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Saturday, November 03, 2012

Parmesan Formaggio, Prosciutto, and Toccalmatto Birra

I hope you gathered that I'm in Parma now. This is one of the richest veins of brewing, with Ducato, Panil, and the place I visited today, Toccalmatto. Founded by Bruno Carilli four years ago, it has risen to that top layer of high-profile breweries (and thus came to my attention).

The more I see of Italian brewing, the more I see of three clear points of reference: Belgium, the US, and Germany. Of these, Germany is the least, expressing itself mainly as familiar styles--weizen, Kolsch, pils, and helles. From the US and Belgium, brewers borrow method. Like Belgium, Italy is bottle-based; breweries bottle condition their beer in warm rooms. (In the US, even when they do bottle condition, breweries rarely treat the process as a second fermentation that adds depth and character to the beer as they do in Belgium. And Italy.) However, Italian breweries hop their beers like Americans, and I'm not just talking dosage. They like lots of late--addition hops and dry-hops. (Belgians also often use sugar, which thins the beer and makes hops harsher and more violent. The Italians don't use sugar.)

Which brings us to Carilli. His first two beers were an American-style pale (Re Hop, or hop king) and a saison Sibilla). These are his two main tracks, but they blend in process. There's a third, smaller influence--England. His system looks more English than American and he's made a bitter and mild to boot.

In a lot of ways, toccalmatto looks pretty American in the surface. Scanning his line would bring nods of recognition from Portlanders. But the beers don't taste American. He uses US hops, but relies more heavily on Australia and New Zealand. A lot of people equate the "new world" strains, but as someone intimately familiar with American strains, I am here to tell you that that's just wrong. In Oceana, another saison, he gets a distinctive bergamot flavor--more Asian than American. I also picked up a flavor I couldn't adequately explain in several of the beers--my inadequate description is mint--but definitely nothing that comes from US hops.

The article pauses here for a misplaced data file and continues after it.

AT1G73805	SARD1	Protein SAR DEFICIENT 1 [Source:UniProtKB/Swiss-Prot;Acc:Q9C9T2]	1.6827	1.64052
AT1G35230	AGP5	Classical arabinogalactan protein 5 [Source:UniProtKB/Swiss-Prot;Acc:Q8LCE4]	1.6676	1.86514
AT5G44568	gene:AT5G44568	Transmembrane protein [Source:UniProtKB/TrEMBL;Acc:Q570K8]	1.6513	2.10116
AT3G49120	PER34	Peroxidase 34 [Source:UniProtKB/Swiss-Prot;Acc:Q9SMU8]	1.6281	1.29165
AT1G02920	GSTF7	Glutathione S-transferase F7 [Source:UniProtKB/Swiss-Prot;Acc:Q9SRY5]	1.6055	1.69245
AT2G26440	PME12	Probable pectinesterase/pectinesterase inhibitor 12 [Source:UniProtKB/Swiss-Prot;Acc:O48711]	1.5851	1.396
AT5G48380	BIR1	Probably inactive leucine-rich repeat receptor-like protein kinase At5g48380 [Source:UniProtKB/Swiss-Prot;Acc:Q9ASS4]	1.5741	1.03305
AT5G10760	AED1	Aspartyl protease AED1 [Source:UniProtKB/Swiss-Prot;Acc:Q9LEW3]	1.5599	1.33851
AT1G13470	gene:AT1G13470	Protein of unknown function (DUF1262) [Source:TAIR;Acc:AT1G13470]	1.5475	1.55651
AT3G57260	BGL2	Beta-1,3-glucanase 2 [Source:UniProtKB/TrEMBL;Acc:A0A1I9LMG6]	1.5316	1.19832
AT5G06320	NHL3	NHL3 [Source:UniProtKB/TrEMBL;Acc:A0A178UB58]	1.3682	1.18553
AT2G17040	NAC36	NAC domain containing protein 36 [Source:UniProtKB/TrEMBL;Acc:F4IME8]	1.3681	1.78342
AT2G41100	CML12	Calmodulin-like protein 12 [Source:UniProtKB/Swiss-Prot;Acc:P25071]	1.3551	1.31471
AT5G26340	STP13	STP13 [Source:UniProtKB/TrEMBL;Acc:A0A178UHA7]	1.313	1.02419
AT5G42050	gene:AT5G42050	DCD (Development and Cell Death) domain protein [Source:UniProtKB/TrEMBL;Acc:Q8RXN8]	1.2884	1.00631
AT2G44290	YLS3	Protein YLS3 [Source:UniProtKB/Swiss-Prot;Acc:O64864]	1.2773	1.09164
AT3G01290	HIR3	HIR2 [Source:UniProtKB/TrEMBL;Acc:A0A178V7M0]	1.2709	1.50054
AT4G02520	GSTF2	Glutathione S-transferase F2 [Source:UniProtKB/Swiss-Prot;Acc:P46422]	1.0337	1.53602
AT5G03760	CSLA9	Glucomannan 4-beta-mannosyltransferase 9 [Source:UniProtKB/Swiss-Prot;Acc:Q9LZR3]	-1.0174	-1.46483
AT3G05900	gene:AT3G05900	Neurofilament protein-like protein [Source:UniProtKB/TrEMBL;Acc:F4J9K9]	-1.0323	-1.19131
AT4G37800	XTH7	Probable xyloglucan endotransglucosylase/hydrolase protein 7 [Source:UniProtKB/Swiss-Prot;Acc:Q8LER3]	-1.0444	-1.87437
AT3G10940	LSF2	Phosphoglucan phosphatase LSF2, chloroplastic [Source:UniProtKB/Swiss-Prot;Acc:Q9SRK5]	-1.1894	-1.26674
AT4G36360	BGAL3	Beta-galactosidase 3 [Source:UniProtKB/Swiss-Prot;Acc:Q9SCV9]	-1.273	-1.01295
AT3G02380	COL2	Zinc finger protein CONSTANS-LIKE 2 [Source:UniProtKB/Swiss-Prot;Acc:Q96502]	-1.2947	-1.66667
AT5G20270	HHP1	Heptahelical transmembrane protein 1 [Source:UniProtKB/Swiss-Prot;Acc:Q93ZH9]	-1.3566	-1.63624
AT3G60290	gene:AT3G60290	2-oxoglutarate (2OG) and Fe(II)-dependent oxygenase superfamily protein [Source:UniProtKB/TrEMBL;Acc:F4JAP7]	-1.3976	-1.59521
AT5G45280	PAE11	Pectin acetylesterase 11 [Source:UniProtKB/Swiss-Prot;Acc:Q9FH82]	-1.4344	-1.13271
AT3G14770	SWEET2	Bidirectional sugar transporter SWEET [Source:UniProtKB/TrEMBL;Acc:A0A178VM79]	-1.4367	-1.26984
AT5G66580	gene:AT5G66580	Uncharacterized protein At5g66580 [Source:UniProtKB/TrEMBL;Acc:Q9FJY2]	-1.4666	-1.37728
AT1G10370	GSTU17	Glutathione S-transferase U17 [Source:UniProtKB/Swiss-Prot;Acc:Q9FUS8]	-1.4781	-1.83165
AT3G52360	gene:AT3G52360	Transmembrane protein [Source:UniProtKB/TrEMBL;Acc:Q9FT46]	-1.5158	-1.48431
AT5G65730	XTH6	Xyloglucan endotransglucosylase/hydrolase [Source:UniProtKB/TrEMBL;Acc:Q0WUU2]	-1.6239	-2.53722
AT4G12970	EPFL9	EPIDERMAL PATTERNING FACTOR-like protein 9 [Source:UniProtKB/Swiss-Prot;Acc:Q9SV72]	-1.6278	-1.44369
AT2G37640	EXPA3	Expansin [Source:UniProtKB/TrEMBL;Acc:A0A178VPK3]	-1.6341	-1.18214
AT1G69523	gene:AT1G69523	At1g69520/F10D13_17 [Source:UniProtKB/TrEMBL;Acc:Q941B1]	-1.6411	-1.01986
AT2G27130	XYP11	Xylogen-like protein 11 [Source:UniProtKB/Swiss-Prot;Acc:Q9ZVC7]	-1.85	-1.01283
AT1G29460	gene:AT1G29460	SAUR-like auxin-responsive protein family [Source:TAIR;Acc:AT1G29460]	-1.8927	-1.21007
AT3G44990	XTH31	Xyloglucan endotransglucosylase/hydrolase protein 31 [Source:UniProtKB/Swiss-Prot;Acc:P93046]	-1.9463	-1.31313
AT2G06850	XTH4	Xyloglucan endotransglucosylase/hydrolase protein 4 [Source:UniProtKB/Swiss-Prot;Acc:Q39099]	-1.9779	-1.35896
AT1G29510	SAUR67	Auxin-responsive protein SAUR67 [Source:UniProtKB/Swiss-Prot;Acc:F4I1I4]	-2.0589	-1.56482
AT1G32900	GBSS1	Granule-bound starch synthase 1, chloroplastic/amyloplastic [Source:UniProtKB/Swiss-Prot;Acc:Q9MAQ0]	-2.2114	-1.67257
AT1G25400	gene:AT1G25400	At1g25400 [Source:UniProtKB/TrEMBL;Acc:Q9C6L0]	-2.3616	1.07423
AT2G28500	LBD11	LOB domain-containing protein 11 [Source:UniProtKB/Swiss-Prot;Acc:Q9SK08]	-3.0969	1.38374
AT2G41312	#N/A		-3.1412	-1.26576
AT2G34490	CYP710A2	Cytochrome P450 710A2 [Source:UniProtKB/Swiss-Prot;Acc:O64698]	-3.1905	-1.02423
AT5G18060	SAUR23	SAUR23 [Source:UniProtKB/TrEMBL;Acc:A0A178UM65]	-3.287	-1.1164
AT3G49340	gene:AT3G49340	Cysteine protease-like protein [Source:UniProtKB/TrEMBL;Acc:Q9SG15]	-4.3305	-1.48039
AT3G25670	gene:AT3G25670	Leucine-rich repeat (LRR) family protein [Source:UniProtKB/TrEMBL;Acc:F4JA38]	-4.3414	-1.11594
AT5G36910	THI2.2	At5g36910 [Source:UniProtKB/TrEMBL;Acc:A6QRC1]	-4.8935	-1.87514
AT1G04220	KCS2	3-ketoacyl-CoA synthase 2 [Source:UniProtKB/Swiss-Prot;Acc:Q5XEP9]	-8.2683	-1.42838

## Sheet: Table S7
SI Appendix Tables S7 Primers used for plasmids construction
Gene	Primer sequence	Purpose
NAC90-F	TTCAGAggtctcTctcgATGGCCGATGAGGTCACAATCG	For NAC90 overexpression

He's got a barrel-aging program and here too there are differences. No bourbon; instead, rum, Scotch whisky (Caol Ila), and of course Italian wine barrels. He's aged a barleywine in the whisky barrels (Stray Dog) and it is spectacular.

I could say a lot more about Bruno, but it's near the end of my trip (home Monday), and I'm running out of gas. How's this: great beer, not exactly like anything out there, and you have to come to Europe to drink it (for now).

The pics, with captions.

1. Bruno at a fermenter.
2. Ancient rum barrels.
3. The filter that often doubles as a hopback.
4. A few of the beers.


  1. using sugar "makes hops harsher and more violent"... where the hell did that come from? My guess is you are parroting someone who doesn't like to brew with sugar

  2. Alcohol is a solvent. Brewers use sugar to reduce body and add alcohol. Therefore, beers using sugar have less balancing capacity than heavier, sweeter, all-grain ones. That's the science. But you can also see the effect in many hoppy Belgian ales and judge for yourself. It's possible to avoid making tem harsh when they get more bitter, but hard. In my experience, the success rate is low.